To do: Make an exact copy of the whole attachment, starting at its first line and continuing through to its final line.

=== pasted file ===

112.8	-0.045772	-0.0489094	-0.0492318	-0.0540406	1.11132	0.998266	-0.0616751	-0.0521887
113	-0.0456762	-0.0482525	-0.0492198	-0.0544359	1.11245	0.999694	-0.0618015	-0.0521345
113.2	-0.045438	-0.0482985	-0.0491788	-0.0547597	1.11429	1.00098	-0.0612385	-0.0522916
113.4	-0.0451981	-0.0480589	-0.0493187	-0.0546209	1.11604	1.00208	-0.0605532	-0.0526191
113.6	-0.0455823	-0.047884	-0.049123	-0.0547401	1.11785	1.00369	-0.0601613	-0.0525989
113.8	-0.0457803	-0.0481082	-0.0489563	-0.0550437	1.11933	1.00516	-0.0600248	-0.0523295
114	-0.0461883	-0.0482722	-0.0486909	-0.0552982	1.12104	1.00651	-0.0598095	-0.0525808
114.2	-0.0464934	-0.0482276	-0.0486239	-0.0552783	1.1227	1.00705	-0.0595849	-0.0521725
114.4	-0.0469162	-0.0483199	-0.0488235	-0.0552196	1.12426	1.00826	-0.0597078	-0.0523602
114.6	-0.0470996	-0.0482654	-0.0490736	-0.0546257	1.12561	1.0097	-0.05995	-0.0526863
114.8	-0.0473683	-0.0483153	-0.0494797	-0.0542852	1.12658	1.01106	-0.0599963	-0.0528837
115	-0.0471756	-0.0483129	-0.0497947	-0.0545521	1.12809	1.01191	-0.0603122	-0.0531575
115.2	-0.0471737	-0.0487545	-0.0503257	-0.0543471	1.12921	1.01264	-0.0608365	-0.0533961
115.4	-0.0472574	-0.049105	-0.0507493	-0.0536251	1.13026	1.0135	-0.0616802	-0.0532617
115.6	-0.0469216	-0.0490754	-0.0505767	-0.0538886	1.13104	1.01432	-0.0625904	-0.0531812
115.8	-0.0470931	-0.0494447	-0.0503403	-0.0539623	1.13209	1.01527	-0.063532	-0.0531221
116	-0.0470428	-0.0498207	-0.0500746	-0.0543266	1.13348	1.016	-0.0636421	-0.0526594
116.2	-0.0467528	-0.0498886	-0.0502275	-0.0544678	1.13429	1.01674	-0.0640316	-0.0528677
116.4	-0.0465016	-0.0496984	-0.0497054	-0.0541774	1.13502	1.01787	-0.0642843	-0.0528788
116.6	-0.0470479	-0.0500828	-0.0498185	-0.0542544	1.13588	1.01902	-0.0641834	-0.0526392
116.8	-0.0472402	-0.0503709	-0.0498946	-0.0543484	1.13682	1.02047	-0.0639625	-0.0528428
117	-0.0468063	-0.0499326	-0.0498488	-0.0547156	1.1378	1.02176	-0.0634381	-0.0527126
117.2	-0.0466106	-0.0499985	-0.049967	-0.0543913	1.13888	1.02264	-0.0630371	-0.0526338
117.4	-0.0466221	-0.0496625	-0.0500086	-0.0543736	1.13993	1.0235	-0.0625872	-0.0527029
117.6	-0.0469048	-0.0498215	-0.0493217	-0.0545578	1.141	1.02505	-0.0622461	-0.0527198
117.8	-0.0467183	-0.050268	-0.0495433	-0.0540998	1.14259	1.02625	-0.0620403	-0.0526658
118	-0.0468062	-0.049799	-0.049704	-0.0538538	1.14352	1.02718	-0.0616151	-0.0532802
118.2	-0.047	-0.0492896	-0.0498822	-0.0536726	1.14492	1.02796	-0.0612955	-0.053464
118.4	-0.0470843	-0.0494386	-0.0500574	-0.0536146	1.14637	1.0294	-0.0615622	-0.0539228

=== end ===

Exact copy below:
112.8	-0.045772	-0.0489094	-0.0492318	-0.0540406	1.11132	0.998266	-0.0616751	-0.0521887
113	-0.0456762	-0.0482525	-0.0492198	-0.0544359	1.11245	0.999694	-0.0618015	-0.0521345
113.2	-0.045438	-0.0482985	-0.0491788	-0.0547597	1.11429	1.00098	-0.0612385	-0.0522916
113.4	-0.0451981	-0.0480589	-0.0493187	-0.0546209	1.11604	1.00208	-0.0605532	-0.0526191
113.6	-0.0455823	-0.047884	-0.049123	-0.0547401	1.11785	1.00369	-0.0601613	-0.0525989
113.8	-0.0457803	-0.0481082	-0.0489563	-0.0550437	1.11933	1.00516	-0.0600248	-0.0523295
114	-0.0461883	-0.0482722	-0.0486909	-0.0552982	1.12104	1.00651	-0.0598095	-0.0525808
114.2	-0.0464934	-0.0482276	-0.0486239	-0.0552783	1.1227	1.00705	-0.0595849	-0.0521725
114.4	-0.0469162	-0.0483199	-0.0488235	-0.0552196	1.12426	1.00826	-0.0597078	-0.0523602
114.6	-0.0470996	-0.0482654	-0.0490736	-0.0546257	1.12561	1.0097	-0.05995	-0.0526863
114.8	-0.0473683	-0.0483153	-0.0494797	-0.0542852	1.12658	1.01106	-0.0599963	-0.0528837
115	-0.0471756	-0.0483129	-0.0497947	-0.0545521	1.12809	1.01191	-0.0603122	-0.0531575
115.2	-0.0471737	-0.0487545	-0.0503257	-0.0543471	1.12921	1.01264	-0.0608365	-0.0533961
115.4	-0.0472574	-0.049105	-0.0507493	-0.0536251	1.13026	1.0135	-0.0616802	-0.0532617
115.6	-0.0469216	-0.0490754	-0.0505767	-0.0538886	1.13104	1.01432	-0.0625904	-0.0531812
115.8	-0.0470931	-0.0494447	-0.0503403	-0.0539623	1.13209	1.01527	-0.063532	-0.0531221
116	-0.0470428	-0.0498207	-0.0500746	-0.0543266	1.13348	1.016	-0.0636421	-0.0526594
116.2	-0.0467528	-0.0498886	-0.0502275	-0.0544678	1.13429	1.01674	-0.0640316	-0.0528677
116.4	-0.0465016	-0.0496984	-0.0497054	-0.0541774	1.13502	1.01787	-0.0642843	-0.0528788
116.6	-0.0470479	-0.0500828	-0.0498185	-0.0542544	1.13588	1.01902	-0.0641834	-0.0526392
116.8	-0.0472402	-0.0503709	-0.0498946	-0.0543484	1.13682	1.02047	-0.0639625	-0.0528428
117	-0.0468063	-0.0499326	-0.0498488	-0.0547156	1.1378	1.02176	-0.0634381	-0.0527126
117.2	-0.0466106	-0.0499985	-0.049967	-0.0543913	1.13888	1.02264	-0.0630371	-0.0526338
117.4	-0.0466221	-0.0496625	-0.0500086	-0.0543736	1.13993	1.0235	-0.0625872	-0.0527029
117.6	-0.0469048	-0.0498215	-0.0493217	-0.0545578	1.141	1.02505	-0.0622461	-0.0527198
117.8	-0.0467183	-0.050268	-0.0495433	-0.0540998	1.14259	1.02625	-0.0620403	-0.0526658
118	-0.0468062	-0.049799	-0.049704	-0.0538538	1.14352	1.02718	-0.0616151	-0.0532802
118.2	-0.047	-0.0492896	-0.0498822	-0.0536726	1.14492	1.02796	-0.0612955	-0.053464
118.4	-0.0470843	-0.0494386	-0.0500574	-0.0536146	1.14637	1.0294	-0.0615622	-0.0539228